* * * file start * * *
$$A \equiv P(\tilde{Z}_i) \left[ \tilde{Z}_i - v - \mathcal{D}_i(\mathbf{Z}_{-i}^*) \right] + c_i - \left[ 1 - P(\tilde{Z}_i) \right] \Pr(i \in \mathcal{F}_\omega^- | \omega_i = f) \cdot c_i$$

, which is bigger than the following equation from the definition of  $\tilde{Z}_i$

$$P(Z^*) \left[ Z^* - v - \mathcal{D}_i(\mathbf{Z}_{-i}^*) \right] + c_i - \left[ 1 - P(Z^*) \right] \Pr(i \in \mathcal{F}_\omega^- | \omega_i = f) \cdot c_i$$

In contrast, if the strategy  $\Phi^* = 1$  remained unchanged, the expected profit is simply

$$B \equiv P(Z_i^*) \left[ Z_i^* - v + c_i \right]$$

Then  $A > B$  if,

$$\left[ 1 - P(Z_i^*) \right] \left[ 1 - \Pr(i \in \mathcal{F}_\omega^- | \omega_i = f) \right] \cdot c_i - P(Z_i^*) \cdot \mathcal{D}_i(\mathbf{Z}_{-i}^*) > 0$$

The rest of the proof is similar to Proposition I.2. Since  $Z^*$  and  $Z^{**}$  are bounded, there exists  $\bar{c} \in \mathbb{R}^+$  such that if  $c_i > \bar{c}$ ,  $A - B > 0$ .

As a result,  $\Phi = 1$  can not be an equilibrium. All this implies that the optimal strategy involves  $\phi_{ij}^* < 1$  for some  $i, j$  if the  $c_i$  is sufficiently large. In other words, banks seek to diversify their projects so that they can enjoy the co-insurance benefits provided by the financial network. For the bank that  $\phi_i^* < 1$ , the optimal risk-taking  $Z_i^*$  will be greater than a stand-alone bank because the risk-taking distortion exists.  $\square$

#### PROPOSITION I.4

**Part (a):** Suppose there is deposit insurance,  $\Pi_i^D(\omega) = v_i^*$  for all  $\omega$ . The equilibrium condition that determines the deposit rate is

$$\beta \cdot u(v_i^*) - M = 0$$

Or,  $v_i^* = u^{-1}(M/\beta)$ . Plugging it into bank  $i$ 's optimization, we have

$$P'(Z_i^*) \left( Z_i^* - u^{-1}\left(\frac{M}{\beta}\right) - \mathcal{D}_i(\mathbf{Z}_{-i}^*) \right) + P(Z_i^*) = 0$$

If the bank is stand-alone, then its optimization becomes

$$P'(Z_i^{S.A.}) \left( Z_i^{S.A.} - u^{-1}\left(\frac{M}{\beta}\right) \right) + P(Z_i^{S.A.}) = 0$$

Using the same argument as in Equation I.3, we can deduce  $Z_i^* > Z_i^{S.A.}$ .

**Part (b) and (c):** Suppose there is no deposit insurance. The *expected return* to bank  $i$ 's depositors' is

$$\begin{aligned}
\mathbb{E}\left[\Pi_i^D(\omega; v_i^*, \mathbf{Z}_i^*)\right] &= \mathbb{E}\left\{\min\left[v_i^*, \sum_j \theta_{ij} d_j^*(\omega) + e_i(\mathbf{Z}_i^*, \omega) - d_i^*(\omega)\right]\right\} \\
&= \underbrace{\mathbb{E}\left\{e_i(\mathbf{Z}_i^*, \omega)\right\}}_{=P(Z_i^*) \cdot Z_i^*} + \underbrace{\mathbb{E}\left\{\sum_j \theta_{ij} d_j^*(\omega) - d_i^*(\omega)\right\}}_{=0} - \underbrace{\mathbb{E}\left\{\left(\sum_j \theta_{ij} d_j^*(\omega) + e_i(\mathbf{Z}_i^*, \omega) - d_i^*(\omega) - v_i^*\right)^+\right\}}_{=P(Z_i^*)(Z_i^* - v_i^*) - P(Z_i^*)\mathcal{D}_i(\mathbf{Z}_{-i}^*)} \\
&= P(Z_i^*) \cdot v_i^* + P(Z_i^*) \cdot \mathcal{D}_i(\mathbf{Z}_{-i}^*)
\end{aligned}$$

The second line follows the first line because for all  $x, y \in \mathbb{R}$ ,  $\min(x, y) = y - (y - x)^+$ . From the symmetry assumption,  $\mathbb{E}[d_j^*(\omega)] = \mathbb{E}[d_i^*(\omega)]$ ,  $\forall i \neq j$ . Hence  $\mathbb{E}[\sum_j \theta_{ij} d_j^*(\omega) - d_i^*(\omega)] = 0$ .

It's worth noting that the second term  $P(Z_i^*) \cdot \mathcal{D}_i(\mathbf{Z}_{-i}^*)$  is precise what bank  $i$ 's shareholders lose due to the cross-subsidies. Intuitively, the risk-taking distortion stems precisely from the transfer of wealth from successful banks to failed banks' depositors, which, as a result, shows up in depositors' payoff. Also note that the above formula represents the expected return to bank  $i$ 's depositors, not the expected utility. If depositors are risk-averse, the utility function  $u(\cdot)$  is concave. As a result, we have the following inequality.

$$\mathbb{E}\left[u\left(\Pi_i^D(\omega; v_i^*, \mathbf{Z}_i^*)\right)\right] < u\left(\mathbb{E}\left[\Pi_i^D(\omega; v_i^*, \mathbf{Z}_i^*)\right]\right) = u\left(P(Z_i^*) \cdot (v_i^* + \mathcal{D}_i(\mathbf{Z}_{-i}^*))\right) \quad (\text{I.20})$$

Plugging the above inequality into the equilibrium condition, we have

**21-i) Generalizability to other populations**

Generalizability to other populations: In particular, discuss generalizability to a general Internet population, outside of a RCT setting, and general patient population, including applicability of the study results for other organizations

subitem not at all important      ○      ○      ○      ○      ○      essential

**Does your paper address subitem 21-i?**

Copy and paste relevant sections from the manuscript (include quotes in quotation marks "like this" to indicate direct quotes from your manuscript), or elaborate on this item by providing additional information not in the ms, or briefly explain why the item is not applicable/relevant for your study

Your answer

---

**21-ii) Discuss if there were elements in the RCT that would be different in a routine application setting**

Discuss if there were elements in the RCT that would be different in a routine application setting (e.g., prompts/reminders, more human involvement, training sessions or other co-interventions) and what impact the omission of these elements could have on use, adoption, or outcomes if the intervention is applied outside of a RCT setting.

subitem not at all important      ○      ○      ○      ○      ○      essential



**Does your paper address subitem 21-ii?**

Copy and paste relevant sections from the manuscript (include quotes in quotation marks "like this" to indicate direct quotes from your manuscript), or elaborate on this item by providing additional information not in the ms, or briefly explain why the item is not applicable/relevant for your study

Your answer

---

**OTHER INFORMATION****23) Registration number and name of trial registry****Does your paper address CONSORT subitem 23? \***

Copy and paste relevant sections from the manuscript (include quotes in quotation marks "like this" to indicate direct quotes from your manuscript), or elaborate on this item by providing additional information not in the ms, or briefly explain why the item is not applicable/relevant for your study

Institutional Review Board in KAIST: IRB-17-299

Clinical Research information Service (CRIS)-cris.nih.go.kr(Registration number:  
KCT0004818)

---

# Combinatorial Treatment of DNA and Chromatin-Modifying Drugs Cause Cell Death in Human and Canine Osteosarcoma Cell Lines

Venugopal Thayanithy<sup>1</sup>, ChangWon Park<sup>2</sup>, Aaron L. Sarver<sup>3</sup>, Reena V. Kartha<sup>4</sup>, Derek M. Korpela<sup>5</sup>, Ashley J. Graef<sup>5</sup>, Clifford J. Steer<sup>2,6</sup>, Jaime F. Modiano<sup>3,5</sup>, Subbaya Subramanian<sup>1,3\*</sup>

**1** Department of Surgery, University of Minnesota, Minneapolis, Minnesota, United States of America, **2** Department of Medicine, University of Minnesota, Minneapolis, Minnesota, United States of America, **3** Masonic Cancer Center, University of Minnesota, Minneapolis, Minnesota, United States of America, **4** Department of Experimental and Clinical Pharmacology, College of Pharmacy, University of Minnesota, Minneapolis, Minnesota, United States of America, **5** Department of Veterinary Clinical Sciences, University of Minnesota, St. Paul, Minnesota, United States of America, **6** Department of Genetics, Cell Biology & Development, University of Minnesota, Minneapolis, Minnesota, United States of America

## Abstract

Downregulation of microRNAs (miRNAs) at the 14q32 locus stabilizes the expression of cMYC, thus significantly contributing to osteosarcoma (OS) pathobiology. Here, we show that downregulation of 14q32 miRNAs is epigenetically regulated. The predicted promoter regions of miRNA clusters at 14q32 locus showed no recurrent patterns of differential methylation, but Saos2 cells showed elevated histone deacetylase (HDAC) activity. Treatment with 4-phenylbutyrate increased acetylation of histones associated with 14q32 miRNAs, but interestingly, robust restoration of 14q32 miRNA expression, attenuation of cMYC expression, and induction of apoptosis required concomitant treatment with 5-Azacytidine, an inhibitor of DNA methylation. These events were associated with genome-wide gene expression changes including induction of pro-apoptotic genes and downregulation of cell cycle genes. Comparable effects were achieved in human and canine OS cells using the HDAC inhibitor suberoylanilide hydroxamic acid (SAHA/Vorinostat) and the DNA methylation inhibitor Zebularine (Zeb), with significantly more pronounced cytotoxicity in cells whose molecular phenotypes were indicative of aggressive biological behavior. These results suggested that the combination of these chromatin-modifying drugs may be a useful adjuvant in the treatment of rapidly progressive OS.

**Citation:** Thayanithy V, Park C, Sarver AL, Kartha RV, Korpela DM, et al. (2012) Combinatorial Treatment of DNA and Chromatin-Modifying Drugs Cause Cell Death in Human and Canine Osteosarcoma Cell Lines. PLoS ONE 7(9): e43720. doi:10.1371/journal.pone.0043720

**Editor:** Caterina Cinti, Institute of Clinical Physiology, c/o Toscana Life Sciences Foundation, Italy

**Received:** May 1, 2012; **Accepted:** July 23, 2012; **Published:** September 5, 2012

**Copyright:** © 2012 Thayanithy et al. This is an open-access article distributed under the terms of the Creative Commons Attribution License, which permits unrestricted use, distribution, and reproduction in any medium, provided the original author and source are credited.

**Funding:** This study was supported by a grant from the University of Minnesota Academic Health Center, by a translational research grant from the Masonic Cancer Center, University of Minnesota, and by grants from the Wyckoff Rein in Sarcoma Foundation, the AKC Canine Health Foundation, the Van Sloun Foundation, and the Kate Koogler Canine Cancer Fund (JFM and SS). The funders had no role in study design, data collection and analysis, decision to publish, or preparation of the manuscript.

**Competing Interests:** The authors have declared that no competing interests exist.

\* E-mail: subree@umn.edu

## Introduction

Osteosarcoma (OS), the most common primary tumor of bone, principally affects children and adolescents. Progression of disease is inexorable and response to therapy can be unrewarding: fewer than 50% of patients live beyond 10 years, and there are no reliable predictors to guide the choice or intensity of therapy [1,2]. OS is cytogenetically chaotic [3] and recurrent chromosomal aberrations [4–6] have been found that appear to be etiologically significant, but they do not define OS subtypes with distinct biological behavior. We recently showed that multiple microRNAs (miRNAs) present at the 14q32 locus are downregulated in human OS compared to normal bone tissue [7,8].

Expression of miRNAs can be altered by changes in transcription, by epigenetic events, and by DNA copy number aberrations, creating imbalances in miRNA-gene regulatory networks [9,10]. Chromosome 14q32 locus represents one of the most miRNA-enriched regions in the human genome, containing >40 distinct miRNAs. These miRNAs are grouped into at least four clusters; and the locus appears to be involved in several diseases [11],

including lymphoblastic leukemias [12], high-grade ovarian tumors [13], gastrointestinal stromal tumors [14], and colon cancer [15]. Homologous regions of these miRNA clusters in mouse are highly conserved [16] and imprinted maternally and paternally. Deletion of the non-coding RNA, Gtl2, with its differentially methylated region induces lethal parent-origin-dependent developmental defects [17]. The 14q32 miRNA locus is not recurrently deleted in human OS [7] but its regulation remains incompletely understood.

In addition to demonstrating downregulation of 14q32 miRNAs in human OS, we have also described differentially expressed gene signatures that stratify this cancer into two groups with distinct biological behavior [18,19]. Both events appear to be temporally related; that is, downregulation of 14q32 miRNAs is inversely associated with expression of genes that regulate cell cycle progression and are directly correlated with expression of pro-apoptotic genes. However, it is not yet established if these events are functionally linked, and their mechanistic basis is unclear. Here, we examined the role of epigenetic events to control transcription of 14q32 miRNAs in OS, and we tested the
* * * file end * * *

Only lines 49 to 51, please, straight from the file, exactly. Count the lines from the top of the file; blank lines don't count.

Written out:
Venugopal Thayanithy<sup>1</sup>, ChangWon Park<sup>2</sup>, Aaron L. Sarver<sup>3</sup>, Reena V. Kartha<sup>4</sup>, Derek M. Korpela<sup>5</sup>, Ashley J. Graef<sup>5</sup>, Clifford J. Steer<sup>2,6</sup>, Jaime F. Modiano<sup>3,5</sup>, Subbaya Subramanian<sup>1,3\*</sup>

**1** Department of Surgery, University of Minnesota, Minneapolis, Minnesota, United States of America, **2** Department of Medicine, University of Minnesota, Minneapolis, Minnesota, United States of America, **3** Masonic Cancer Center, University of Minnesota, Minneapolis, Minnesota, United States of America, **4** Department of Experimental and Clinical Pharmacology, College of Pharmacy, University of Minnesota, Minneapolis, Minnesota, United States of America, **5** Department of Veterinary Clinical Sciences, University of Minnesota, St. Paul, Minnesota, United States of America, **6** Department of Genetics, Cell Biology & Development, University of Minnesota, Minneapolis, Minnesota, United States of America

## Abstract